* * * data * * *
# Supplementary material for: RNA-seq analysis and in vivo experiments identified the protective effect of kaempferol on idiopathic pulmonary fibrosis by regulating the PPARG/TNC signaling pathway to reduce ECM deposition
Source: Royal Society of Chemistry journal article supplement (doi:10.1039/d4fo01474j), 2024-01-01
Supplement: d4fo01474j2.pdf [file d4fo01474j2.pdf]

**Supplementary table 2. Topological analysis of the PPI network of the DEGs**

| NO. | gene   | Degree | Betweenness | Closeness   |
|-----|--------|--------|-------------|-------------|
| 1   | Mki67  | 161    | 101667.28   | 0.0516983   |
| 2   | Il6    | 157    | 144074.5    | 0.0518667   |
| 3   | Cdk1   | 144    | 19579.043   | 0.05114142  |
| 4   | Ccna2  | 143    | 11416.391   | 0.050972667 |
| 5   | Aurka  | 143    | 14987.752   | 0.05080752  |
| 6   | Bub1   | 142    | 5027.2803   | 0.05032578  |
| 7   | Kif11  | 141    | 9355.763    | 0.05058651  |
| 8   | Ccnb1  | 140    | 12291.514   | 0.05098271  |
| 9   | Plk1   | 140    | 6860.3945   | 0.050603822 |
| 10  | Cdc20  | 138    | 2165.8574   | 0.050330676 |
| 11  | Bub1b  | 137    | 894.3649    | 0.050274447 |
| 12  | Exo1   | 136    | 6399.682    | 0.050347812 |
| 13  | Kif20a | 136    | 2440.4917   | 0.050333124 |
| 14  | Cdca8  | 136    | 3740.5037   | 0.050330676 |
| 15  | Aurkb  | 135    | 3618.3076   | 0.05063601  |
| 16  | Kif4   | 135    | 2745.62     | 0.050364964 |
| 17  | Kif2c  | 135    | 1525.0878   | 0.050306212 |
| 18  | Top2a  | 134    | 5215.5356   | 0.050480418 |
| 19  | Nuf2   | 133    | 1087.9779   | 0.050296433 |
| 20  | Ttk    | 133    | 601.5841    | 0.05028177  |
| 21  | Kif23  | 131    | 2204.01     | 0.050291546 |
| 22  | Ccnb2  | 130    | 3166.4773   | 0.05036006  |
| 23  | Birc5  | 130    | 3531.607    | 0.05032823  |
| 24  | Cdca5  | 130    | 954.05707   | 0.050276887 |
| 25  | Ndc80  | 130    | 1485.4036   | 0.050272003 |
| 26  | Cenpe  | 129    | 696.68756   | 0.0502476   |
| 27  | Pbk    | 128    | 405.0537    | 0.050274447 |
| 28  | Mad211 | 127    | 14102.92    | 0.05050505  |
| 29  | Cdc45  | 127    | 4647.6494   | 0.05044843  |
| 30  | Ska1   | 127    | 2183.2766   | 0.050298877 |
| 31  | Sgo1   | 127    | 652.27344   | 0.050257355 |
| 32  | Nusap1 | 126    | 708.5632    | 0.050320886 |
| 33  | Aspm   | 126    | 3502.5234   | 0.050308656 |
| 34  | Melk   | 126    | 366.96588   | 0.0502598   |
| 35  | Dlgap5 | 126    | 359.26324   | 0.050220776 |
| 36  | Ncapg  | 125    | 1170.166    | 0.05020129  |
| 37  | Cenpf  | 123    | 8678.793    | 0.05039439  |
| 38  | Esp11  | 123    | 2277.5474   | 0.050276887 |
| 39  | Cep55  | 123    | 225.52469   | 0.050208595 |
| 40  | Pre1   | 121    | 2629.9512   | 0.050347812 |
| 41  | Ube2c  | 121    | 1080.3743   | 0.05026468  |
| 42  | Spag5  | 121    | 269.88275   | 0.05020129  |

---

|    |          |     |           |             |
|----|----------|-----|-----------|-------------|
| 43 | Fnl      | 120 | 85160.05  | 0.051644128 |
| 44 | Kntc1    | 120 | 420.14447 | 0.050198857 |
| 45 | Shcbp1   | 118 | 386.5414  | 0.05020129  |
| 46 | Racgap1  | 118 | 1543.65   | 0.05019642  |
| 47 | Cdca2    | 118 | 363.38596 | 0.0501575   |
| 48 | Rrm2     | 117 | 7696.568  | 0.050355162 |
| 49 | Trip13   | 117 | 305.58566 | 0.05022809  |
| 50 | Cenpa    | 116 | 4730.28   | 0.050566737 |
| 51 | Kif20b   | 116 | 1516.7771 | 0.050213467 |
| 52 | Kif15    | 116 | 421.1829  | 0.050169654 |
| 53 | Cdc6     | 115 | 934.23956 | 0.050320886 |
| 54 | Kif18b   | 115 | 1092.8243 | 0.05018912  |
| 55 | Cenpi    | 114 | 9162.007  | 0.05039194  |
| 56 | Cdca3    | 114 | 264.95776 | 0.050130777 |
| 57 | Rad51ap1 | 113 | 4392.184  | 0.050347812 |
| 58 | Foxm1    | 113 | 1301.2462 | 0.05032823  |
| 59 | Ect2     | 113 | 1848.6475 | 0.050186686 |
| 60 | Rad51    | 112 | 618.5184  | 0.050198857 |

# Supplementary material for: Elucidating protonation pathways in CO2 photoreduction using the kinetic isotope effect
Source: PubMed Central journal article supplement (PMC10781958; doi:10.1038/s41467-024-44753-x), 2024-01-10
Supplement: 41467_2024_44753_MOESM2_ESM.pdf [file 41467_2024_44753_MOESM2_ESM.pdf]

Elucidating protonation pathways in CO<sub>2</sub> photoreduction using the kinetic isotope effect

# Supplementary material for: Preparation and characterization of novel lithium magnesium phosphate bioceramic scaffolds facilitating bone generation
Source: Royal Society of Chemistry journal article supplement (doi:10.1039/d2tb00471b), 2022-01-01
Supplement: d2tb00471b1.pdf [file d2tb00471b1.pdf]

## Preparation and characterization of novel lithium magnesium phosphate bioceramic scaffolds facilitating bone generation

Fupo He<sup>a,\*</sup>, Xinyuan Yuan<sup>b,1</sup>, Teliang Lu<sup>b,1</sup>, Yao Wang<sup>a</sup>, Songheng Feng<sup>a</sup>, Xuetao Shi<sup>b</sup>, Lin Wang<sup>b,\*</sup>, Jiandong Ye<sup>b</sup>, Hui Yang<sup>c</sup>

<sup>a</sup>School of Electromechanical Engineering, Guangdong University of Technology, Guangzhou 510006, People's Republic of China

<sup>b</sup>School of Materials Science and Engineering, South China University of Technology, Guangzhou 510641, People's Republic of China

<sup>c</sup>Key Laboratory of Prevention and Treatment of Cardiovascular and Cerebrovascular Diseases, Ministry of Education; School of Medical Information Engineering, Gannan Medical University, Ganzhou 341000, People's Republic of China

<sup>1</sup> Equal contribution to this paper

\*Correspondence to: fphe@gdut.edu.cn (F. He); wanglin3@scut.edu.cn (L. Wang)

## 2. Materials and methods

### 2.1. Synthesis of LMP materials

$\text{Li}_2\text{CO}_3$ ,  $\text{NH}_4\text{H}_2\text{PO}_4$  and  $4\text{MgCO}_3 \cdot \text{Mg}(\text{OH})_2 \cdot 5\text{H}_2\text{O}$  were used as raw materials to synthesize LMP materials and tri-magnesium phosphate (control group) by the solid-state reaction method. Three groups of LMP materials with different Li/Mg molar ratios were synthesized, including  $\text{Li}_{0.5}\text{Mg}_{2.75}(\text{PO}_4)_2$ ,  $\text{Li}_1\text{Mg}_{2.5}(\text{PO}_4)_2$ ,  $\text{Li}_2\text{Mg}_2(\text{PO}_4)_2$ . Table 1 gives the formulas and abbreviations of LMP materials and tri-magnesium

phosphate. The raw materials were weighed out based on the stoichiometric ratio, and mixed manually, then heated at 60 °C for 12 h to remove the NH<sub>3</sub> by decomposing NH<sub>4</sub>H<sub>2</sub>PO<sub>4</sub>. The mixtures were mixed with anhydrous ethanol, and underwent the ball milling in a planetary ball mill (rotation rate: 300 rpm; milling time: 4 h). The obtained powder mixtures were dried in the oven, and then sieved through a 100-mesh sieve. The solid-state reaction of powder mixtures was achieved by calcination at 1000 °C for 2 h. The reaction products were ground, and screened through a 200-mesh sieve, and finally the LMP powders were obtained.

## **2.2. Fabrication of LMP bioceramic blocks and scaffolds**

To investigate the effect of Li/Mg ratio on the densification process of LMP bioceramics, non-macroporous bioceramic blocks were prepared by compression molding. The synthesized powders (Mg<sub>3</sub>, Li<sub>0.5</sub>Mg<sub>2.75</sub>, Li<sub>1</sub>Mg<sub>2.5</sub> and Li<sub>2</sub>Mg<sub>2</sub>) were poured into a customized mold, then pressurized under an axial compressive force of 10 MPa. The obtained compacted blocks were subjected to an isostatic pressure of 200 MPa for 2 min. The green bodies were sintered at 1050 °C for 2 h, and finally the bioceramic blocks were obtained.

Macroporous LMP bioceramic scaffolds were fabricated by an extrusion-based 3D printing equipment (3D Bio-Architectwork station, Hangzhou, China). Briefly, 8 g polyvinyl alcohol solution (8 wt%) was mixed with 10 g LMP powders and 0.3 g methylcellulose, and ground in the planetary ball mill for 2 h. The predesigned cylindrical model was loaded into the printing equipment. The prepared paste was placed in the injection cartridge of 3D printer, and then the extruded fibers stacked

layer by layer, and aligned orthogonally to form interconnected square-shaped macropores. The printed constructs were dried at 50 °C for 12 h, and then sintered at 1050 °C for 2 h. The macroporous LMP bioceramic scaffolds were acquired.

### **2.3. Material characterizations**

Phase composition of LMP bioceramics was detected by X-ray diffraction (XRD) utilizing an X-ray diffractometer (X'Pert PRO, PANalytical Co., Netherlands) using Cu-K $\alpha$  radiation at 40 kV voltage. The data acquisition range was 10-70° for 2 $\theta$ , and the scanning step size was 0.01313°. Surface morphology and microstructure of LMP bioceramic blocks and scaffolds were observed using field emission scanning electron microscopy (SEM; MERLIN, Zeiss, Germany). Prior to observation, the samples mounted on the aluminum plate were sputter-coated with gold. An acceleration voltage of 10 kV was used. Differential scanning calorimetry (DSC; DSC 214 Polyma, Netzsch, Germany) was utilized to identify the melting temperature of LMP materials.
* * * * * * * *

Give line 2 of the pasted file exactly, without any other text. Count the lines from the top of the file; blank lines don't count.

Source: Royal Society of Chemistry journal article supplement (doi:10.1039/d4fo01474j), 2024-01-01